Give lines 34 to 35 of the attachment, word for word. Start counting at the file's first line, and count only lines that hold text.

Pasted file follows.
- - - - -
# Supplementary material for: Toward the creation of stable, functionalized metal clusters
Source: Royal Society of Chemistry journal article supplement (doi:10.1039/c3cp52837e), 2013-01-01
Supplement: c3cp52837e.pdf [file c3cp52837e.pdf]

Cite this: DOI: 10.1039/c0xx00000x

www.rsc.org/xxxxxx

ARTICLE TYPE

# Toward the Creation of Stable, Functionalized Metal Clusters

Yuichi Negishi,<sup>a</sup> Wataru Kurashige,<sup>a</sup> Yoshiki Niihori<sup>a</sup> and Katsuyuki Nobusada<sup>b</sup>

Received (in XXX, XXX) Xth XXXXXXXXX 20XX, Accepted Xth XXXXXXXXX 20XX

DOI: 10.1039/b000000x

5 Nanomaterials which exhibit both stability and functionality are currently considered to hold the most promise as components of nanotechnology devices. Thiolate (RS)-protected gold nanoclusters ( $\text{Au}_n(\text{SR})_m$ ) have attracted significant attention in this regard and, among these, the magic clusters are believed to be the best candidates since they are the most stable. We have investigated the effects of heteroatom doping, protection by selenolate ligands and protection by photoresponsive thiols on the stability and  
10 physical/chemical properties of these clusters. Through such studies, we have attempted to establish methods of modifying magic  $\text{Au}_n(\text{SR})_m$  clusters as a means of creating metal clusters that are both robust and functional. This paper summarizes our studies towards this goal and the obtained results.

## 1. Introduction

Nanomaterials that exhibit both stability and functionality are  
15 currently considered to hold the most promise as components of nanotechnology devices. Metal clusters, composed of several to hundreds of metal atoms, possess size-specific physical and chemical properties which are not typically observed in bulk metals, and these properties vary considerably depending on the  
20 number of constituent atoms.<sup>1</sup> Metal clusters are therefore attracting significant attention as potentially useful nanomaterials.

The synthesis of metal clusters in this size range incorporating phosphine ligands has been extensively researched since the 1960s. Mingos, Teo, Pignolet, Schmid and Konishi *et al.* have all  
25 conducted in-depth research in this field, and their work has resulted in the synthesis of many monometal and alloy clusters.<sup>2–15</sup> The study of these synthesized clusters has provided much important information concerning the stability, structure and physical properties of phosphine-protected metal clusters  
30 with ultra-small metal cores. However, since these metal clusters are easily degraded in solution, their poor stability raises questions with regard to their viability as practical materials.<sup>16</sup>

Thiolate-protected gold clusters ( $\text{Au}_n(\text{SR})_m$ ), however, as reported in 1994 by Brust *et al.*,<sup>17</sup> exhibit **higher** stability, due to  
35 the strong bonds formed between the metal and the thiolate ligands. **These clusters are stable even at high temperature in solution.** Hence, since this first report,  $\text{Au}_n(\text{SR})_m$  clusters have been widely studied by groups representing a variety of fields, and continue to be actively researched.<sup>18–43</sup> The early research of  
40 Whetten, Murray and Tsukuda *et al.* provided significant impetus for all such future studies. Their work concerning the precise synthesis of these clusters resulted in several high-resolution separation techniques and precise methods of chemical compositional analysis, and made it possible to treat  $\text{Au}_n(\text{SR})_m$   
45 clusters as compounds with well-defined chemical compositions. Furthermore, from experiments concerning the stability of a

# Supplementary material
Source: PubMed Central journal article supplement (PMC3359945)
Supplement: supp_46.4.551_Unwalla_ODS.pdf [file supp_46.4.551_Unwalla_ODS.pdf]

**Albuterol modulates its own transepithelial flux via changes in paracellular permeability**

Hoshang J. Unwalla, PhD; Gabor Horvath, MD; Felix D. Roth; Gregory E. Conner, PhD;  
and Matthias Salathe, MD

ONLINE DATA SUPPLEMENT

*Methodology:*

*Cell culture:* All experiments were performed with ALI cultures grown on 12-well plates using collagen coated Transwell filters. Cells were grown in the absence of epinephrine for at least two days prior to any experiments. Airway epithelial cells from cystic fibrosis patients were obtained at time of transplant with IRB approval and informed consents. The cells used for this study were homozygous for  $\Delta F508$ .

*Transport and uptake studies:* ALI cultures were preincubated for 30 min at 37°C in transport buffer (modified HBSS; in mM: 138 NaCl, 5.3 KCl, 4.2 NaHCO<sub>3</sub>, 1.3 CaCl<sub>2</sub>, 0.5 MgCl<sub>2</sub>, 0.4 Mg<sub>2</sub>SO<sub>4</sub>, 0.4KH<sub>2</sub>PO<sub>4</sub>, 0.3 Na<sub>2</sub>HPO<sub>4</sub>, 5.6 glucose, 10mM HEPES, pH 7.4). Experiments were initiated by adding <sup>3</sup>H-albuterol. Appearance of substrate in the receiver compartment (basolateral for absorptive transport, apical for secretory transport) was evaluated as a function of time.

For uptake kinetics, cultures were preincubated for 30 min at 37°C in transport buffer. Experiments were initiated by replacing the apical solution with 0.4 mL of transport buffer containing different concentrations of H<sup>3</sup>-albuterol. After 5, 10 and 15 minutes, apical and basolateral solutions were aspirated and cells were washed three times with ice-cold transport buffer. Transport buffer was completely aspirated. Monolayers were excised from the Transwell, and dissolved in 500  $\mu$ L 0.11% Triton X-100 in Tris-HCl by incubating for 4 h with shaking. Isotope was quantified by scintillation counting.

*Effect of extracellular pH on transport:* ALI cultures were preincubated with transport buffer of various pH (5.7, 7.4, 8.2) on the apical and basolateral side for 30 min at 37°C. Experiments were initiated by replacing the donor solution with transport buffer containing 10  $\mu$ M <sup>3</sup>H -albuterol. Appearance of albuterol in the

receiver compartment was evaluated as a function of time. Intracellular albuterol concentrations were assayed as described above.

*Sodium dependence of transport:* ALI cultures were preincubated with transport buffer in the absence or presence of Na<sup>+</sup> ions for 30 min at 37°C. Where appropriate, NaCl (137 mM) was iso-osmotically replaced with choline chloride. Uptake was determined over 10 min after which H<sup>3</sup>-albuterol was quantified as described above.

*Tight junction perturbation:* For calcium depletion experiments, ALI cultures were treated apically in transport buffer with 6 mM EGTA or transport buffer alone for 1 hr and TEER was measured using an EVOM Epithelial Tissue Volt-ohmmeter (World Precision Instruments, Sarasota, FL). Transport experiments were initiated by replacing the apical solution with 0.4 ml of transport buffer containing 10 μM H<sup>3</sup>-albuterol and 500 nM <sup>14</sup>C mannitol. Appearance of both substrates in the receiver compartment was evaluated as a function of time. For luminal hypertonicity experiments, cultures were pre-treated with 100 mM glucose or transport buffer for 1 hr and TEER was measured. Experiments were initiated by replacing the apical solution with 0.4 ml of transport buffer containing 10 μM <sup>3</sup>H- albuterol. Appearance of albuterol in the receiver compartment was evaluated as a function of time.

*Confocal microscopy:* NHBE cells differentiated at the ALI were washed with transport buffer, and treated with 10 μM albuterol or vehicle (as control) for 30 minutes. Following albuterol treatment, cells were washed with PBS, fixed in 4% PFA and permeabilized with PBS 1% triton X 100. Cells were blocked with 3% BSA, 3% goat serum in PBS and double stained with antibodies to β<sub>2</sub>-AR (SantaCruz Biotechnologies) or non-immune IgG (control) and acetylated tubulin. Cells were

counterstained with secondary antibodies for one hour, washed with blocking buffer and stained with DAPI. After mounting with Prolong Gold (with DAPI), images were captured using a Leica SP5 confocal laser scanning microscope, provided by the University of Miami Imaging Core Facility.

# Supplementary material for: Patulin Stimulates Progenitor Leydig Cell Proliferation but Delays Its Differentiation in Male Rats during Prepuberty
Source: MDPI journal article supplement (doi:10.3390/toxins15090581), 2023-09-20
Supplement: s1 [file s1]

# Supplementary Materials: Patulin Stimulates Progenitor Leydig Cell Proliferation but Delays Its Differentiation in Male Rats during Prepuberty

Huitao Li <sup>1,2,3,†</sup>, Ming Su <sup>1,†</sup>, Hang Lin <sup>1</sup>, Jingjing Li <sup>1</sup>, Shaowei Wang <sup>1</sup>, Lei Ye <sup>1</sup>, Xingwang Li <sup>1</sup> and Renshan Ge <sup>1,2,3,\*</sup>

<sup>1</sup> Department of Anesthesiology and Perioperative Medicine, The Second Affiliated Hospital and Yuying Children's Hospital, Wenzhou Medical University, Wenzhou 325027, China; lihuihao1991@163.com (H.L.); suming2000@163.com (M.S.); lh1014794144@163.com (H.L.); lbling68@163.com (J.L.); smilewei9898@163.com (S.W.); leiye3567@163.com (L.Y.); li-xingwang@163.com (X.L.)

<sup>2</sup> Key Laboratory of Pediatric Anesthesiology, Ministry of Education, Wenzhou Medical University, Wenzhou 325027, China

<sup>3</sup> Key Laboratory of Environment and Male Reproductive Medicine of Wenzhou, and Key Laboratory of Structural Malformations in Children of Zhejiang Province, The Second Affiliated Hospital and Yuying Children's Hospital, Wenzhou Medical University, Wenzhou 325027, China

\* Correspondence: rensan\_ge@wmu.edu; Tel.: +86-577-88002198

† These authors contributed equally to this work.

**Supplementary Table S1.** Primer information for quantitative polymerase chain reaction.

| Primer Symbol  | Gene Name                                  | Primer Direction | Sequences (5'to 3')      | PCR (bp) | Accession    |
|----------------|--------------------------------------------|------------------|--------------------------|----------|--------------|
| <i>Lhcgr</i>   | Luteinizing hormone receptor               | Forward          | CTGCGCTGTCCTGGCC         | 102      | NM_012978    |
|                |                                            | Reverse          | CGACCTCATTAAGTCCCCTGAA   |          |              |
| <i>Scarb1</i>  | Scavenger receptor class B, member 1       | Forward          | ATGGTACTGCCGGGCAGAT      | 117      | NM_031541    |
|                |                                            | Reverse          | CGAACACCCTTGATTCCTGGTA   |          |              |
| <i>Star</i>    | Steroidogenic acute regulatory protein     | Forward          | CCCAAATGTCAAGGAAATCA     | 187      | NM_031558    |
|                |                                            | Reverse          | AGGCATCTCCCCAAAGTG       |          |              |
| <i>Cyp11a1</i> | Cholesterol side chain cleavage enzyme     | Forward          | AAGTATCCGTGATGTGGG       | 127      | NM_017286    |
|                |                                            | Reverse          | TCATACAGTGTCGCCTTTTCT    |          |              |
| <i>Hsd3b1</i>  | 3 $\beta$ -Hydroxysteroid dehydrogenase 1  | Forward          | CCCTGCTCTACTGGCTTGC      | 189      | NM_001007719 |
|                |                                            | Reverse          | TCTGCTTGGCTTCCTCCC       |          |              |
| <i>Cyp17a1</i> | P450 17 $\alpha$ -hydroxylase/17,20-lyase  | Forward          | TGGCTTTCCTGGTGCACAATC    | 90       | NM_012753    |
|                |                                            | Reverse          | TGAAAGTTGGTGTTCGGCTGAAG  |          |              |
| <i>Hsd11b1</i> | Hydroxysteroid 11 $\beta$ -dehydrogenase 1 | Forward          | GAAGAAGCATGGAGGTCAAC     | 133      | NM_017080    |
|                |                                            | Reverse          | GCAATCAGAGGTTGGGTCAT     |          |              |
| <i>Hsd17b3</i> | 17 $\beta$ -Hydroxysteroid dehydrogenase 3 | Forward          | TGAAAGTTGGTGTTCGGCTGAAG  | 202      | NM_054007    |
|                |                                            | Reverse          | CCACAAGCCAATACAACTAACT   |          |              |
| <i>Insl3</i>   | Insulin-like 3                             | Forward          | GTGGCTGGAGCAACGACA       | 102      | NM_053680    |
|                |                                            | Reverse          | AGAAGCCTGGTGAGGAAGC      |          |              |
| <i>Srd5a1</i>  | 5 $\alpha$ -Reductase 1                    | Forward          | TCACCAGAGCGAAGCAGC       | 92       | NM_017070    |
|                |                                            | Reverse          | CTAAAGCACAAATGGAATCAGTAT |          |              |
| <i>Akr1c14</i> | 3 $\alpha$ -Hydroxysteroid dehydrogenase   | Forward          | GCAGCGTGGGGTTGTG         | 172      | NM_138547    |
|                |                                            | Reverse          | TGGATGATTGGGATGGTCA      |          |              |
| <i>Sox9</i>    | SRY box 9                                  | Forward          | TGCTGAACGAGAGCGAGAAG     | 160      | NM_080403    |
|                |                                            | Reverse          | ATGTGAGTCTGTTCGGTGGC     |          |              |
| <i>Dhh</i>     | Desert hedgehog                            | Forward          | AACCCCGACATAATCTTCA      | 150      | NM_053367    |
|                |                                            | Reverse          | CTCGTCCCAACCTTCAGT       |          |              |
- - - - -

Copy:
For uptake kinetics, cultures were preincubated for 30 min at 37°C in transport buffer. Experiments were initiated by replacing the apical solution with 0.4 mL of transport buffer containing different concentrations of H<sup>3</sup>-albuterol. After 5, 10 and 15 minutes, apical and basolateral solutions were aspirated and cells were washed three times with ice-cold transport buffer. Transport buffer was completely aspirated. Monolayers were excised from the Transwell, and dissolved in 500  $\mu$ L 0.11% Triton X-100 in Tris-HCl by incubating for 4 h with shaking. Isotope was quantified by scintillation counting.

*Effect of extracellular pH on transport:* ALI cultures were preincubated with transport buffer of various pH (5.7, 7.4, 8.2) on the apical and basolateral side for 30 min at 37°C. Experiments were initiated by replacing the donor solution with transport buffer containing 10  $\mu$ M <sup>3</sup>H -albuterol. Appearance of albuterol in the